Investing in Climate and Environment Key Steps in Reducing Extreme Poverty and Boosting Shared Prosperity – World Bank President
- FOR IMMEDIATE RELEASE -
Washington D.C., Thursday, 3rd October 2019 – World Bank President David Malpass says investing in the climate and the environment were key steps in reducing extreme poverty and boosting shared prosperity among nations. Malpass said the Bank’s Group activities would address climate and environmental challenges and were reflected in the investment of billions of United States dollars to support climate related investments and projects.
To underscore significance that the World Bank placed on climate change, its effects and the Group’s response, the World Bank Chief said the Bank planned to “showcase the importance of biodiversity at the Annual Meetings in Washington D.C at an event on October 17, 2019 called “Invest in Nature: Uncovering the Hidden Value of Biodiversity.”
Malpass, in giving a peek into the Annual Meetings and highlighting greater value of tackling climate change in development wrote in his blog: “Our climate and environment projects unlock new growth and investment opportunities, create jobs and make economies more resilient. It’s important to change mindsets and lead the way.
David Malpass was selected as the 13th President of the World Bank Group by the Bank’s Board of Executive Directors on April 5 2019. His five-year term began on April 9, 2019. Mr. Malpass previously served as Under Secretary of the Treasury for International Affairs for the United States.
Malpass said that in 2018 alone, the World Bank Group committed $17.8 billion to climate-related investments.
“We also have a major portfolio in other environment-related projects. In December, we announced new climate targets for fiscal year 2021-2025, committing to double to $200 billion the amount we invest and mobilize. We’re already the biggest single funder of climate and environment investments, and we’re ramping up. In fiscal year 2019, 30 percent of commitments by the IBRD (International Bank for Reconstruction and Development) and IDA (International Development Association) included climate co-benefits, surpassing our target,” Malpass said.
He cited several interventions the World Bank was already supporting. They included Climate-smart agriculture, renewable energy, sustainable cities and harnessing the power of digital technologies which can be used to assess natural hazards in cities around the world and help map people and assets and analyze climate and disaster risks in order to plan and finance more resilient cities.
” Climate-smart farming is critical to helping farmers adapt to challenging growing conditions. Better agricultural practices are also key to protecting biodiversity. Climate-smart agriculture will feature as part of the mix of solutions discussed at the Annual Meetings at an event called “The Future of the Rural Space” on October 16,” Malpass said adding that working with the Consultative Group for International Agricultural Research (CGIAR), the World Bank was stepping up agricultural research in Africa, with a strong focus on drought-resistant seeds. Zambia was in line to benefit from these initiatives. The country is among those facing the brunt of climate change effects which have impacted hydro-power generation and food production particularly in drought prone regions which were facing food shortages because of prolonged drought.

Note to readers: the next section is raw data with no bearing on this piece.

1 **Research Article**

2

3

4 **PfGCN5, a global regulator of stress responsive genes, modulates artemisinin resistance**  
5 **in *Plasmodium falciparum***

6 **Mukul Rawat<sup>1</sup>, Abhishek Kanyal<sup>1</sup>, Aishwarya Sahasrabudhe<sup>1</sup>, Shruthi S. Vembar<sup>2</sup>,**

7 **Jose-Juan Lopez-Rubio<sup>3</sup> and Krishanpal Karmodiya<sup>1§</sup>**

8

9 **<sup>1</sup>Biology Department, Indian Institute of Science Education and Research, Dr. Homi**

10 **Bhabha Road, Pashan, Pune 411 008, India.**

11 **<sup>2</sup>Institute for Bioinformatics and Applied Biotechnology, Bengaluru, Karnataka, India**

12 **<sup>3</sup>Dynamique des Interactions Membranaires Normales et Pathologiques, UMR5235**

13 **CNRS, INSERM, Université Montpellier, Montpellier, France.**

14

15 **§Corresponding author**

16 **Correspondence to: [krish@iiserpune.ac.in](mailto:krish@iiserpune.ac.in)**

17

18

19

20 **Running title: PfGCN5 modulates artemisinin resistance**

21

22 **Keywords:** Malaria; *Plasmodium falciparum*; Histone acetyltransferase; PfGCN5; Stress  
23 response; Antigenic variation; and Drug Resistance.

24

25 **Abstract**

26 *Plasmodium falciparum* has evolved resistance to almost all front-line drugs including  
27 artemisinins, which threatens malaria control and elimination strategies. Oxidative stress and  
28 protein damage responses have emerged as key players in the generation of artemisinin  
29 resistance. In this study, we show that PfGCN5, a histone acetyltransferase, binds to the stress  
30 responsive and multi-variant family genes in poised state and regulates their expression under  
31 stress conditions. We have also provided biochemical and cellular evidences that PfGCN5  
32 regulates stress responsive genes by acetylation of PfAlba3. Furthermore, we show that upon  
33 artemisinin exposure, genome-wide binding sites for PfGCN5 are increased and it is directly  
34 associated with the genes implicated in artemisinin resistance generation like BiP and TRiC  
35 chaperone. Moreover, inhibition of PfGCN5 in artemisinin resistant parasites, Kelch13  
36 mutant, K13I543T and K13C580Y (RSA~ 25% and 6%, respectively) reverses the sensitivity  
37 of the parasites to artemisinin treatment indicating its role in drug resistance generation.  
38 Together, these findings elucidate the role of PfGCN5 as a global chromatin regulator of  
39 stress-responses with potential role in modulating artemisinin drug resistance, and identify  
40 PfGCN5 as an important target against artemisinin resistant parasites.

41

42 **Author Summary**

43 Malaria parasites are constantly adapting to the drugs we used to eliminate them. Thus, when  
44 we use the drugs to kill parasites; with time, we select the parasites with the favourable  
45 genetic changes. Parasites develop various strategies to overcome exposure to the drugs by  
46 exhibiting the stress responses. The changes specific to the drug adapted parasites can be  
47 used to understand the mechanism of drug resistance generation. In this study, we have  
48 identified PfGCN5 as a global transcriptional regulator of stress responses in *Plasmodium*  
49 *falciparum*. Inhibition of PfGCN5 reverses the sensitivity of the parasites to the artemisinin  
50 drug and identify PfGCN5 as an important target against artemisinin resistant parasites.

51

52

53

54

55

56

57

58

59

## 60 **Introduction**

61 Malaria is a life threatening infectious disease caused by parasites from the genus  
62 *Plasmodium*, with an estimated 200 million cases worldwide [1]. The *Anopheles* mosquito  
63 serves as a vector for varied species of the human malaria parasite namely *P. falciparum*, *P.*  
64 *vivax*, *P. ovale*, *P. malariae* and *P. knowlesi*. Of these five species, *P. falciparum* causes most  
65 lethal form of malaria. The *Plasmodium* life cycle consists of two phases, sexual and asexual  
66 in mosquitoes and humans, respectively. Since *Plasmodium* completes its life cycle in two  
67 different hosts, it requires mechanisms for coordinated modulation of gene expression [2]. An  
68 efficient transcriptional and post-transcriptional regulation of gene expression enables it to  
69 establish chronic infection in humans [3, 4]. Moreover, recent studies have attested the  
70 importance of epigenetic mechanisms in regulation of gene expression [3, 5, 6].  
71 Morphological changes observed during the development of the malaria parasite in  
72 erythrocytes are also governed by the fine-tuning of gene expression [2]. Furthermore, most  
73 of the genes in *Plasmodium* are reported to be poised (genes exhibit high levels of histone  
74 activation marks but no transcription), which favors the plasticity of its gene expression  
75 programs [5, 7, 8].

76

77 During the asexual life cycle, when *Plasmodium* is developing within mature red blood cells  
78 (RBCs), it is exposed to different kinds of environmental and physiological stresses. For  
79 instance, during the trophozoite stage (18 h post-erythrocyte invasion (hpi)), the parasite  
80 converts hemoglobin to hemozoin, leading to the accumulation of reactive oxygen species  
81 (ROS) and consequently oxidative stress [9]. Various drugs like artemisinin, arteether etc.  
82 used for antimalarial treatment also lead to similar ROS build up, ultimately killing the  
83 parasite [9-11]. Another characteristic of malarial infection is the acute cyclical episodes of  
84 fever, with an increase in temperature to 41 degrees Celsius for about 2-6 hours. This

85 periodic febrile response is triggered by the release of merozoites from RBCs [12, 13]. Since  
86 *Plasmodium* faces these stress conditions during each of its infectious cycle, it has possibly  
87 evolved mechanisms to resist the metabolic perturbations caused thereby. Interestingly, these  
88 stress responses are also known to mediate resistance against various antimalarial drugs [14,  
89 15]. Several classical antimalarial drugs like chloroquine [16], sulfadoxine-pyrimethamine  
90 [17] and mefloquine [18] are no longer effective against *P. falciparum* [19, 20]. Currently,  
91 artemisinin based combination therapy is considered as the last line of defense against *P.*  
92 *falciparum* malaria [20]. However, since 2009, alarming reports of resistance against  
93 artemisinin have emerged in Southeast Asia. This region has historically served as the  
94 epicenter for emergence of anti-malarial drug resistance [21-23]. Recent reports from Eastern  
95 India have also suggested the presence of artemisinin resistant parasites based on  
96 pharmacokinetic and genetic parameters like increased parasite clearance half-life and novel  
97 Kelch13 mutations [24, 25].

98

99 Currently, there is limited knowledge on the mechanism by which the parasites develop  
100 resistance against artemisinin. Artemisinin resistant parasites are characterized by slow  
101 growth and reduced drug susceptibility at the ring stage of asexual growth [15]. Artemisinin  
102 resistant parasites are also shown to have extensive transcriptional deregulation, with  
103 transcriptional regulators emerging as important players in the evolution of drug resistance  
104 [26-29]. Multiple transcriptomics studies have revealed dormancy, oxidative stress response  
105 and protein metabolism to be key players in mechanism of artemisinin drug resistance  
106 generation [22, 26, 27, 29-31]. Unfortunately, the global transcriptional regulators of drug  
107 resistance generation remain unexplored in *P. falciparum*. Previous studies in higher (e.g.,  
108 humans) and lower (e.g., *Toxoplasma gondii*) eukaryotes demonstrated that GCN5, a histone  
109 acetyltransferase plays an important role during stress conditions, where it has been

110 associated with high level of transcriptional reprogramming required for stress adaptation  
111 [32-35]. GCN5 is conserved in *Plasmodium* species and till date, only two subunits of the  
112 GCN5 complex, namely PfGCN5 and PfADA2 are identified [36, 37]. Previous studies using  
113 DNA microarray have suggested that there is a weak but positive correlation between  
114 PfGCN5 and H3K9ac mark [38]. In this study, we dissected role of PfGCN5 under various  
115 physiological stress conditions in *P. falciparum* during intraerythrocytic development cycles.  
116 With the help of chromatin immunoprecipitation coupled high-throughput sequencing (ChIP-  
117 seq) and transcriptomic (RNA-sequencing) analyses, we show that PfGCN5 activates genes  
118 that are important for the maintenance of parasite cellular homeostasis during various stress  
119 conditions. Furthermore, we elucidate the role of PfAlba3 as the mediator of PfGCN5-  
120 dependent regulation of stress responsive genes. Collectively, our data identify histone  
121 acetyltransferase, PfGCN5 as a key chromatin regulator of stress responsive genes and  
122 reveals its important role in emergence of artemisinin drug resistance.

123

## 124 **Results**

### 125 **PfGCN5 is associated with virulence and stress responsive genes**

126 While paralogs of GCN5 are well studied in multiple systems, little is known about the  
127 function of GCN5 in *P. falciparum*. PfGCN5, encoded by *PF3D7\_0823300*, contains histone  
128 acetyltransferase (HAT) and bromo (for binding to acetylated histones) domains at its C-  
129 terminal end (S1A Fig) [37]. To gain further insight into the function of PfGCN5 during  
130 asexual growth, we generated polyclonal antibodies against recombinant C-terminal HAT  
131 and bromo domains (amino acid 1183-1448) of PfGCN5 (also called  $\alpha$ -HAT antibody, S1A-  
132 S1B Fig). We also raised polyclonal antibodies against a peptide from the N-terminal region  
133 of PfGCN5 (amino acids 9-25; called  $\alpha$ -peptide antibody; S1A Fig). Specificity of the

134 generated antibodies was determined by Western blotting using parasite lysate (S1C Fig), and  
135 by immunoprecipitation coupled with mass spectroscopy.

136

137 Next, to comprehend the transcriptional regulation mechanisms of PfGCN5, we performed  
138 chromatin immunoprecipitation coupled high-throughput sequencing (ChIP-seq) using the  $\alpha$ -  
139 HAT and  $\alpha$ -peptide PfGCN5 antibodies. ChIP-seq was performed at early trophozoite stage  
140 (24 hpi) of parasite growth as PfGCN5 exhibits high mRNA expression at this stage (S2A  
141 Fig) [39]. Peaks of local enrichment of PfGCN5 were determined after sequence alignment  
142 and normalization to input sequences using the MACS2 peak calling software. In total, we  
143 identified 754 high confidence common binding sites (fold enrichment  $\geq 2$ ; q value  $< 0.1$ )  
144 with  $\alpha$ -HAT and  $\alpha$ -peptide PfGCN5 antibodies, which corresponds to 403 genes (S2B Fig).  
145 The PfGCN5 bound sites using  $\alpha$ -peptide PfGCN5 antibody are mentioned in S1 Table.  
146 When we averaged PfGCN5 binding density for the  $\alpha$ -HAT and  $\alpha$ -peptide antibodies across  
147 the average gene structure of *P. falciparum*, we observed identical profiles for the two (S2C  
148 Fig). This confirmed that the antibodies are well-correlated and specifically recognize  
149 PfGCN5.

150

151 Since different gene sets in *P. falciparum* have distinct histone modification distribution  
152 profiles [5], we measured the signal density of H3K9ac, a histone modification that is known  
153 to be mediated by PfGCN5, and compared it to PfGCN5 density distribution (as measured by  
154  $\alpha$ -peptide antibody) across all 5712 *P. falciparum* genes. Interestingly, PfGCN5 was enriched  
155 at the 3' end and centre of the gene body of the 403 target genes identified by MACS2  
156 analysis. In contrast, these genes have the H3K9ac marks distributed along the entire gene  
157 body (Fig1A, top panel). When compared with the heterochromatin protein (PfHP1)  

“We’ll work with our partners in Africa to develop a new IDA financing package of $60 million. Together with our ongoing contributions to CGIAR, we expect to provide agricultural research support through this mechanism on the order of $150 million over the next three years,” he said.
Earlier this year, the World Bank launched the Adaptation and Resilience Action Plan, which focused on three main areas: boosting the Bank’s own adaptation financing to $50 billion; helping countries adapt so that climate risks were managed at every phase of policy planning, investment design, and implementation; and developing a new rating system to create an incentive for investments in adaptation and resilience, and to improve tracking.
In boosting climate-smart agriculture through renewable energy, The World Bank was helping countries accelerate their energy transition and deliver sustainable, reliable, affordable energy. Zambia was already benefitting from the IFC – International Finance Corporation - financed worldwide solar power projects implemented in more than 15 countries. Scaling Solar, a joint IFC and World Bank program, was expanding to five countries in Africa and one in Central Asia. In Zambia alone, Scaling Solar had added 88 megawatts of power to the national grid.
Climate change has impacted on rainfall patterns, brought droughts, and is negatively affecting both large and small business development in Zambia and across Africa and the world. President Edgar Chagwa in opening the fourth session of the 12th National Assembly themed his address “Accelerating Sustainable Development For A Better Zambia Amidst The Impact Of Climate Change”.
President Lungu said as a result of climate change effects, “our country is facing a very serious problem”, a situation he said needed to be tackled head-on.
A grave challenge, climate change was the headline agenda during the UN General Assembly in New York and as intimated by Malpass will be central at the coming annual meetings to be held in Washington D.C from October 14 to 20.
First Secretary – Press & Public Relations
Embassy of the Republic of Zambia